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Carjacking--Don't Be a Victim


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Released by the Bureau of Diplomatic Security
August 2002

Report cover,  Carjacking. Dont be a Victim.
Available in PDF format
CARJACKING has become one of the most prevalent crimes in many parts of the world. Most carjackings occur for the sole purpose of taking the car; it is a crime without a political agenda and does not specifically target Americans.

You can protect yourself by becoming familiar with the methods, ruses, and locations commonly used by carjackers.

AVOIDANCE

The first step to avoiding an attack is to stay alert at all times and be aware of your environment. The most likely places for a carjacking are:

  • High crime areas 
  • Lesser traveled roads (rural areas) 
  • Intersections where you must stop 
  • Isolated areas in parking lots 
  • Residential driveways and gates
  • Traffic jams or congested areas

Learn to avoid these areas and situations if possible. If not, take steps to prevent an attack.

In traffic, look around for possible avenues of escape. Keep some distance between you and the vehicle in front so you can maneuver easily if necessary--about one-half of your vehicle's length. (You should always be able to see the rear tires of the vehicle in front of you.)

When stopped, use your rear and side view mirrors to stay aware of your surroundings. Also keep your doors locked and windows up. This increases your safety and makes it more difficult for an attacker to surprise you.

Accidents are one ruse used by attackers to control a victim. Following are common attack plans:

The Bump—The attacker bumps the victim's vehicle from behind. The victim gets out to assess the damage and exchange information. The victim's vehicle is taken.

Good Samaritan—The attacker(s) stage what appears to be an accident. They may simulate an injury. The victim stops to assist, and the vehicle is taken.

The Ruse—The vehicle behind the victim flashes its lights or the driver waves to get the victim's attention. The attacker tries to indicate that there is a problem with the victim's car. The victim pulls over and the vehicle is taken.

The Trap—Carjackers use surveillance to follow the victim home. When the victim pulls into his or her driveway waiting for the gate to open, the attacker pulls up behind and blocks the victim's car.

If you are bumped from behind or if someone tries to alert you to a problem with your vehicle, pull over only when you reach a safe public place.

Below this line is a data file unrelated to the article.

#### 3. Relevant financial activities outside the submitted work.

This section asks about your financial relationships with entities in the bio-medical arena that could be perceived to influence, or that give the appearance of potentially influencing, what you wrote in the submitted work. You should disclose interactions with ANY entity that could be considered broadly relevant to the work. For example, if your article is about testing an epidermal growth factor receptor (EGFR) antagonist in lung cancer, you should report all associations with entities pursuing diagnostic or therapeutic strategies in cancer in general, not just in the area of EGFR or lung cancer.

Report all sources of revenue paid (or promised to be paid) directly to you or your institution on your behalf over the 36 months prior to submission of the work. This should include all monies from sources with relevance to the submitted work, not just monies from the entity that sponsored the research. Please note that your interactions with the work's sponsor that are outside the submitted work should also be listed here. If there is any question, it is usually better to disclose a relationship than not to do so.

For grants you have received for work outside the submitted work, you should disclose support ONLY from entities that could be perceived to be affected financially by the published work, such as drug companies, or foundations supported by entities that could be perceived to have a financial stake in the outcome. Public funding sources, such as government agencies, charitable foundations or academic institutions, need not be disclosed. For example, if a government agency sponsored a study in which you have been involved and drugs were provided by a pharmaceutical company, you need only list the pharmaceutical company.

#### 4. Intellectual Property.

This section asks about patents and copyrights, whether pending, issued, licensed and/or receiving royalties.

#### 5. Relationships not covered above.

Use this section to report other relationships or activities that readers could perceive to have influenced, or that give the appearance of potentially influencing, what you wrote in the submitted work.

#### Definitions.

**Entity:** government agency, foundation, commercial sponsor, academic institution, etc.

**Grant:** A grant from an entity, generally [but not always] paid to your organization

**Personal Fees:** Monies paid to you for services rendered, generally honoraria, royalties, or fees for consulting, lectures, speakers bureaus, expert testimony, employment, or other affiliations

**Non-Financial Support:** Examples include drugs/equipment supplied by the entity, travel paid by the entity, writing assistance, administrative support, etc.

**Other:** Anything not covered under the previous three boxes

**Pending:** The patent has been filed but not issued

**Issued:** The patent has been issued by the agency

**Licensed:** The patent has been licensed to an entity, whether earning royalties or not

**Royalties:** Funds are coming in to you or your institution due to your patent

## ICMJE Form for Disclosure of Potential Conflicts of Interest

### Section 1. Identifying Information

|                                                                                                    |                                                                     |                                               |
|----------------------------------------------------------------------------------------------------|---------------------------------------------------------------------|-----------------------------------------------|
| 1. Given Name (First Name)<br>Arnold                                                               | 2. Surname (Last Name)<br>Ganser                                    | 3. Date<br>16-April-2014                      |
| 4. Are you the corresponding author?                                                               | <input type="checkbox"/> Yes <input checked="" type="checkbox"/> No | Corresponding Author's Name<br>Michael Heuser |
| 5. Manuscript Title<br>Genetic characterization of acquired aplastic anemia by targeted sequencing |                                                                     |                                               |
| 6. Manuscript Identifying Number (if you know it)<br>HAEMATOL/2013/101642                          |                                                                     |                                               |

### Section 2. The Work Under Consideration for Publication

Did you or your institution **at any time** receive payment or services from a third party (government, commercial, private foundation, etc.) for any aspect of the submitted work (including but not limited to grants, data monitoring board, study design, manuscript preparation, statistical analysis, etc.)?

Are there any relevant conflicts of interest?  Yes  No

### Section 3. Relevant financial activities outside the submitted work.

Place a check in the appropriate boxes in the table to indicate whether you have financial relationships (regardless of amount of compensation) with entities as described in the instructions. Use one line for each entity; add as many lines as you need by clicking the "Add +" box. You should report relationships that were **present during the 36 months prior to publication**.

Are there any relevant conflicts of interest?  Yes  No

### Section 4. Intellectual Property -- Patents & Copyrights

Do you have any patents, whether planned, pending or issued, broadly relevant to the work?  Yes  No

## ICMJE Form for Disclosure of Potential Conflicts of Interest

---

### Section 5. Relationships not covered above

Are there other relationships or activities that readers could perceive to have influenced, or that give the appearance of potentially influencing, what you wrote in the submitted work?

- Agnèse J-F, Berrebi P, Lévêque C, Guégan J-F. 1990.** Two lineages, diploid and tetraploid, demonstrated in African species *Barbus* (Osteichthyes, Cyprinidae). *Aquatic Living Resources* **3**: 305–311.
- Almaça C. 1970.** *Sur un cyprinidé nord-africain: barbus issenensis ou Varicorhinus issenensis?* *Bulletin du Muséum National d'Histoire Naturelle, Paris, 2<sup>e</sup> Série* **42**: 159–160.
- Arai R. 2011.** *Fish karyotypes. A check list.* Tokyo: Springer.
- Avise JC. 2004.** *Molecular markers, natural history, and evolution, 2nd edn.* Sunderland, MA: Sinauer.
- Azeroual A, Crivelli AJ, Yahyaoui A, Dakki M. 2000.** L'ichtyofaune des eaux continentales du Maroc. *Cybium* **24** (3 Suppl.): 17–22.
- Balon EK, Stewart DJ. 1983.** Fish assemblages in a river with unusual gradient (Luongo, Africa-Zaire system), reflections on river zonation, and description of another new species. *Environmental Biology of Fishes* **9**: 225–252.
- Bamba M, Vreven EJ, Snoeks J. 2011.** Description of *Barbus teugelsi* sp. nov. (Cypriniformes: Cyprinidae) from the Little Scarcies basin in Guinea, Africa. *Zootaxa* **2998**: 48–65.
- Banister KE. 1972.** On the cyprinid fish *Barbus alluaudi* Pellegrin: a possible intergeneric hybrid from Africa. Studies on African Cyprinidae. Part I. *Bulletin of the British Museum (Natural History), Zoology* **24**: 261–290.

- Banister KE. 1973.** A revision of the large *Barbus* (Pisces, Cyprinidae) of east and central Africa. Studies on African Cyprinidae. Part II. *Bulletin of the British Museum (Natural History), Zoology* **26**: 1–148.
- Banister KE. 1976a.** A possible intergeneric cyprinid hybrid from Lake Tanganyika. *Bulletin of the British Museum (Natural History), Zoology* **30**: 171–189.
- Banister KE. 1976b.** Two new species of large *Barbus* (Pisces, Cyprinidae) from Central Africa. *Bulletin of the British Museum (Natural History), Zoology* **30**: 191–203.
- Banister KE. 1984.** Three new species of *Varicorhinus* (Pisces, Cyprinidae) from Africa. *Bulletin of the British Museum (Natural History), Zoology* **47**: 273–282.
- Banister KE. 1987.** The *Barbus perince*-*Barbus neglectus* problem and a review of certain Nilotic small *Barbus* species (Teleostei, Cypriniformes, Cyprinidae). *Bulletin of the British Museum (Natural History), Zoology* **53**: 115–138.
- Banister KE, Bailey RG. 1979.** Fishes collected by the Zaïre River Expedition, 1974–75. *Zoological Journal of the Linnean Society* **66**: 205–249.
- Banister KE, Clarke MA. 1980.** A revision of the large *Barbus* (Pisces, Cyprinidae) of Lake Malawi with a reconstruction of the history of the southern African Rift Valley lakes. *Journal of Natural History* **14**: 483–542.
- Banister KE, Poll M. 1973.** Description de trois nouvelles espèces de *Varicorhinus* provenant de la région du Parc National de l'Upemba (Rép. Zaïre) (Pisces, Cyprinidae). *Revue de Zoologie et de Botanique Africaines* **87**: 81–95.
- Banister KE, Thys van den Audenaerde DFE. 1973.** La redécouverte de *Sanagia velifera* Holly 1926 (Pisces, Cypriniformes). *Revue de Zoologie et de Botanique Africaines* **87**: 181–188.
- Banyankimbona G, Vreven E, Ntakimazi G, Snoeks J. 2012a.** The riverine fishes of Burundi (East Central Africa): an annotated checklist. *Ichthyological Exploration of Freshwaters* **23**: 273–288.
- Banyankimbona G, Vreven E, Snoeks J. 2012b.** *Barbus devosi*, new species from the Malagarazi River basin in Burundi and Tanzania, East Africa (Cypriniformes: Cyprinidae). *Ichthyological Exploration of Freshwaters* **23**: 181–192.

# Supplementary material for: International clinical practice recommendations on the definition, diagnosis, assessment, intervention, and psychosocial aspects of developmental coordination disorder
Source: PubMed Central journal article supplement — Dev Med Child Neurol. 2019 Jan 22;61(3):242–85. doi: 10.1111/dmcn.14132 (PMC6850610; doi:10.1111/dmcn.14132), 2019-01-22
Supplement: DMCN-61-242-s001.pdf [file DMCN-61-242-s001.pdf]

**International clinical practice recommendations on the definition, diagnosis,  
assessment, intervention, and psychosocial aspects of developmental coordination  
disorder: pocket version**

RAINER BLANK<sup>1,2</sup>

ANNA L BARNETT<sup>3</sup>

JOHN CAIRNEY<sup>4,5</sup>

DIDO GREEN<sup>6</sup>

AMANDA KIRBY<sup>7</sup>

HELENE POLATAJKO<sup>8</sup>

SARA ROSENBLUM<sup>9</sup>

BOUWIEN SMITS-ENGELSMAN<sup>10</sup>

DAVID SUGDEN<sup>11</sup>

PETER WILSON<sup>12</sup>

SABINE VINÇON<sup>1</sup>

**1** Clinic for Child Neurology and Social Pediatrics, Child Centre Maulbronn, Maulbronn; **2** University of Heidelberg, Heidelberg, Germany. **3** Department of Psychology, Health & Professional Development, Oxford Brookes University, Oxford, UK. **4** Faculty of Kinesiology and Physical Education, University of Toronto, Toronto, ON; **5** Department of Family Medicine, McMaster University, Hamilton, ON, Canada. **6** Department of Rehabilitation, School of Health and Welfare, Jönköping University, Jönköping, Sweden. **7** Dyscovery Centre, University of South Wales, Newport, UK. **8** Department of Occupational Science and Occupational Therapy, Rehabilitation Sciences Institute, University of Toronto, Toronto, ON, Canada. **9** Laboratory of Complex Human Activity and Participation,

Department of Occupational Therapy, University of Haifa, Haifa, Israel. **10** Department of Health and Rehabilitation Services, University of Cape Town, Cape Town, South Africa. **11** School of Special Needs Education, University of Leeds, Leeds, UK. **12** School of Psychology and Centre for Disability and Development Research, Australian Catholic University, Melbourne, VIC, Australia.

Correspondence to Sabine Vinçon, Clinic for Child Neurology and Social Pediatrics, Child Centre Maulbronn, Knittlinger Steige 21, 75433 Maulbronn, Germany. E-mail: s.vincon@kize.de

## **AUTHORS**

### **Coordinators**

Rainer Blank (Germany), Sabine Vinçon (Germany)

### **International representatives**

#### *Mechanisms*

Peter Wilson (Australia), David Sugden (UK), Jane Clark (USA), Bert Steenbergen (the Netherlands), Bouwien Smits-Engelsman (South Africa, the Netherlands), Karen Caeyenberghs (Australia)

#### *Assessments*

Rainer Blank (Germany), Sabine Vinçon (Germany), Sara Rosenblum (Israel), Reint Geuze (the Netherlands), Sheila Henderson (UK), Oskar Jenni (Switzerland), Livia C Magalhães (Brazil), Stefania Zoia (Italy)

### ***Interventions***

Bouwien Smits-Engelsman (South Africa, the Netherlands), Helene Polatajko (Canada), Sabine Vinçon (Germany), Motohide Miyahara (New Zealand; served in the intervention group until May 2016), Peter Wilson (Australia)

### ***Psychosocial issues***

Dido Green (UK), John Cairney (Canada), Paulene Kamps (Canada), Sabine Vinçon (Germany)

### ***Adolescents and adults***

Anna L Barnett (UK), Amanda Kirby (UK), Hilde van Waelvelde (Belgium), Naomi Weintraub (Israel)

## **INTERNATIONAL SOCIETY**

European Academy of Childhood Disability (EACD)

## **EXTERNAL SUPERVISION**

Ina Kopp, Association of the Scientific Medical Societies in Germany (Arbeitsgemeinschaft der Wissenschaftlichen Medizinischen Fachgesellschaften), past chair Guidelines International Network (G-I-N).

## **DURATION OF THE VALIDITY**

If you are driving into a gated community, call ahead to have the gate opened. Otherwise wait on the street until the gate is open before turning in and possibly getting trapped.

Think before stopping to assist in an accident. It may be safer to call and report the location, number of cars involved, and any injuries you observed.

You can avoid becoming a victim. Ruses and methods, as well as the types of cars most often targeted, differ from country to country. Talk with the regional security officer (RSO) at your post about local scams and accident procedures.

In all cases keep your cell phone or radio with you and immediately alert someone regarding your situation.

DURING A CARJACKING

In most carjacking situations, the attackers are interested only in the vehicle. Try to stay calm. Do not stare at the attacker as this may seem aggressive and cause them to harm you.

There are two options during an attack--nonresistive, nonconfrontational behavior and resistive or confrontational behavior. Your reaction should be based on certain factors:

  • Type of attack
  • Environment (isolated or public)
  • Mental state of attacker (reasonable or nervous)
  • Number of attackers
  • Weapons
  • Whether children are present

In the nonconfrontational situation, you would:

  • give up the vehicle freely.
  • listen carefully to all directions.
  • make no quick or sudden movements that the attacker could construe as a counter attack.
  • always keeps your hands in plain view. Tell the attacker of every move in advance.
  • make the attacker aware if children are present. The attacker may be focused only on the driver and not know children are in the car.

In a resistive or confrontational response, you would make a decision to escape or attack the carjacker. Before doing so, consider: 

  • the mental state of the attacker. 
  • possible avenues of escape. 
  • the number of attackers; there is usually more than one. 
  • the use of weapons. (Weapons are used in the majority of carjacking situations.)

In most instances, it is probably safest to give up your vehicle.

AFTER THE ATTACK

Safety 
Always carry a cell phone or radio on your person.

If you are in a populated area, immediately go to a safe place. After an attack or an attempted attack, you might not be focused on your safety. Get to a safe place before contacting someone to report the incident.

Reporting the Crime
Describe the event. What time of day did it occur? Where did it happen? How did it happen? Who was involved?

Describe the attacker(s). Without staring, try to note height, weight, scars or other marks, hair and eye color, the presence of facial hair, build (slender, large), and complexion (dark, fair).

Describe the attacker's vehicle. If possible get the vehicle license number, color, make, model, and year, as well as any marks (scratches, dents, damage) and personal decorations (stickers, colored wheels).

The golden rule for descriptions is to give only that information you absolutely remember. If you are not sure, don't guess!

CONCLUSION

Avoidance is the best way to prevent an attack. Use your judgment to evaluate the situation and possible reactions. Know safe areas to go to in an emergency. Always carry your cell phone or radio.

Nonconfrontation is often the best response. The objective is not to thwart the criminal but to survive!



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